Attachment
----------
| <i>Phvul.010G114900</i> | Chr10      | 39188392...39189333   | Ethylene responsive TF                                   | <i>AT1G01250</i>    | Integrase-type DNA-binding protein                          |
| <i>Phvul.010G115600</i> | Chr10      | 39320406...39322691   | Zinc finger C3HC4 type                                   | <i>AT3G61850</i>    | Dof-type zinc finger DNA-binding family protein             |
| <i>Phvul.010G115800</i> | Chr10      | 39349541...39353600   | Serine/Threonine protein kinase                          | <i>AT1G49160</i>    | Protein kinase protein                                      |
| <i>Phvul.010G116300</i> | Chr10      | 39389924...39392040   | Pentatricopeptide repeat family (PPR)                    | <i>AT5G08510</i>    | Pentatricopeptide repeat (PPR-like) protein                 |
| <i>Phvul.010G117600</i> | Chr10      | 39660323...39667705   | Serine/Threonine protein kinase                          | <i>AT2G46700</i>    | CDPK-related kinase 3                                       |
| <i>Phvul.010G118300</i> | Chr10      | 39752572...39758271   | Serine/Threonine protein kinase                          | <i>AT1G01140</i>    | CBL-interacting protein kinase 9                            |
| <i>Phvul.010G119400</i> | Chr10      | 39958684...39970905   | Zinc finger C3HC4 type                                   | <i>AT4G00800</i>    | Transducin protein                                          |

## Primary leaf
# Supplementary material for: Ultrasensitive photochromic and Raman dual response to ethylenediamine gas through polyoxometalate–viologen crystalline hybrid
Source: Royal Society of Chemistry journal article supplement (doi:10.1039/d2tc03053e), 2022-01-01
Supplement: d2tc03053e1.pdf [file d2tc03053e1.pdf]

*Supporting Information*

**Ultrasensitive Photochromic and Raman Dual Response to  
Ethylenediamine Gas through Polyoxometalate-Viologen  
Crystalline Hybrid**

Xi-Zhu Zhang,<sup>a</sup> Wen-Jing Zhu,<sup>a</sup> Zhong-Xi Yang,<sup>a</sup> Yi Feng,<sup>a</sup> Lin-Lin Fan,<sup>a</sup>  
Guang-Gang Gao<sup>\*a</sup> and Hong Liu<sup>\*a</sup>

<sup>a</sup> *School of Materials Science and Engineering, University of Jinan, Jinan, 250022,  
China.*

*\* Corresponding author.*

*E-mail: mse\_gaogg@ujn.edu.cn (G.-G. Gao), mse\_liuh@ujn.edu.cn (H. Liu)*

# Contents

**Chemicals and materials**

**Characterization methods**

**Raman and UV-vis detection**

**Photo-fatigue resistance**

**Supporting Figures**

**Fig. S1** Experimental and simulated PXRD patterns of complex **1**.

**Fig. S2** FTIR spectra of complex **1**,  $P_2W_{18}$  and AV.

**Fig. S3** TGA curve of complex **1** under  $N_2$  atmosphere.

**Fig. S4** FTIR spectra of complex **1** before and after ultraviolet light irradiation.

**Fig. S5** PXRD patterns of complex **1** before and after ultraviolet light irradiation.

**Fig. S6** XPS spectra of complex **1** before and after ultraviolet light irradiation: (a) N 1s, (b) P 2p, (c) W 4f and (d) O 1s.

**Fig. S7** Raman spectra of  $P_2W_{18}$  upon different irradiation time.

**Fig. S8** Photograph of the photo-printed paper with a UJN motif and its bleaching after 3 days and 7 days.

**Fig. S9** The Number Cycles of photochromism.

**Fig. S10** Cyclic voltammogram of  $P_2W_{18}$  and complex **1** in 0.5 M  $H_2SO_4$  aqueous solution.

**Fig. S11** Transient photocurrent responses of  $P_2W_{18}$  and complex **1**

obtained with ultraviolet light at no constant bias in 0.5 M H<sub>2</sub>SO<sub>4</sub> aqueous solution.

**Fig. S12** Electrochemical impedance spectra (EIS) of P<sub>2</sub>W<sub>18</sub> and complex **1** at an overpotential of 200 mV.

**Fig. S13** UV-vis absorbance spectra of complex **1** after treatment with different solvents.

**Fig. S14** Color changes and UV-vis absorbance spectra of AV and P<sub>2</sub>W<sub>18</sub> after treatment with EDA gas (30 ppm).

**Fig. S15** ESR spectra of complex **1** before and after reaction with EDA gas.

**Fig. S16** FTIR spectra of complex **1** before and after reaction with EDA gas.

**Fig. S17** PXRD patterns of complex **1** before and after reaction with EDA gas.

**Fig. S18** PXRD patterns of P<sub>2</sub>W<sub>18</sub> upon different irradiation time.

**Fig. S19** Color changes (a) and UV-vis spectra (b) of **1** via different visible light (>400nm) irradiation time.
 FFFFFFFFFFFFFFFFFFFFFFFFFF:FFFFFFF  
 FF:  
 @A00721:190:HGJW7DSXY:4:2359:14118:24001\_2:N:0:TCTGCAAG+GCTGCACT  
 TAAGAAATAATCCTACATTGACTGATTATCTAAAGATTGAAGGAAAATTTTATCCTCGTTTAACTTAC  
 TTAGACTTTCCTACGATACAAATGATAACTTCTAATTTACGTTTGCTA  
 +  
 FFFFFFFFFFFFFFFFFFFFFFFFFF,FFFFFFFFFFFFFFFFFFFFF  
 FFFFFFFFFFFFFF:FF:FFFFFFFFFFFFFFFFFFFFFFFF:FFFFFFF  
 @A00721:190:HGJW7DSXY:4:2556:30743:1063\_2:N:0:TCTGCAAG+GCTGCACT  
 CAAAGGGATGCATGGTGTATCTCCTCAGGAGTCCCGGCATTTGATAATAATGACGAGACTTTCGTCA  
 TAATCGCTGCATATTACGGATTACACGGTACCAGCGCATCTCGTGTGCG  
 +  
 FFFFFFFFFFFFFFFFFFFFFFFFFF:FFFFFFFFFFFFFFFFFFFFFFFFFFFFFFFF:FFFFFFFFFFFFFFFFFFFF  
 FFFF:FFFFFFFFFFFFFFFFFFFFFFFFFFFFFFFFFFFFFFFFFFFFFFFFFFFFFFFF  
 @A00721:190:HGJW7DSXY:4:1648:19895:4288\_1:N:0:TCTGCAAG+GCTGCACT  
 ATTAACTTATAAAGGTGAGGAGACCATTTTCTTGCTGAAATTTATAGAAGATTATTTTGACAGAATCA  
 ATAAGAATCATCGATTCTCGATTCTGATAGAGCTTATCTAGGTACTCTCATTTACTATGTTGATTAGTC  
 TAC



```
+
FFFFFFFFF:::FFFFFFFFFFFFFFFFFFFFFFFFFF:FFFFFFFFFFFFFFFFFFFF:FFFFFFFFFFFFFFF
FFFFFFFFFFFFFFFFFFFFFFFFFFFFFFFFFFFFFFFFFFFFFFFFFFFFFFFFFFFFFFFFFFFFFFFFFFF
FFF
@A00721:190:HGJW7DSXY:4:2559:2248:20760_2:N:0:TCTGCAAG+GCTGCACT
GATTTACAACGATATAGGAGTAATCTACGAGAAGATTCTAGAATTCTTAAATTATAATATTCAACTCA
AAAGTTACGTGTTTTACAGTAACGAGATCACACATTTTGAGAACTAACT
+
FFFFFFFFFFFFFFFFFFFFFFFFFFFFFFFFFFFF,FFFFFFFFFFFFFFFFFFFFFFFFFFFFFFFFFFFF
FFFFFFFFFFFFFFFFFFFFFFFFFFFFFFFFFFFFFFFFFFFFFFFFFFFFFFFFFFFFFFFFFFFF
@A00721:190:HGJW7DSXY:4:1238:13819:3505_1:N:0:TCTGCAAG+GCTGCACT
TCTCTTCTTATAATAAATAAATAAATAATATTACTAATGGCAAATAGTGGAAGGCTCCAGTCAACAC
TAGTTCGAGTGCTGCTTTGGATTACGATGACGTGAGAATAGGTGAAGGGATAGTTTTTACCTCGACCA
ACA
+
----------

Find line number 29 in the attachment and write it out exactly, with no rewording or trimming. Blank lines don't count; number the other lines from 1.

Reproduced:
**Fig. S2** FTIR spectra of complex **1**,  $P_2W_{18}$  and AV.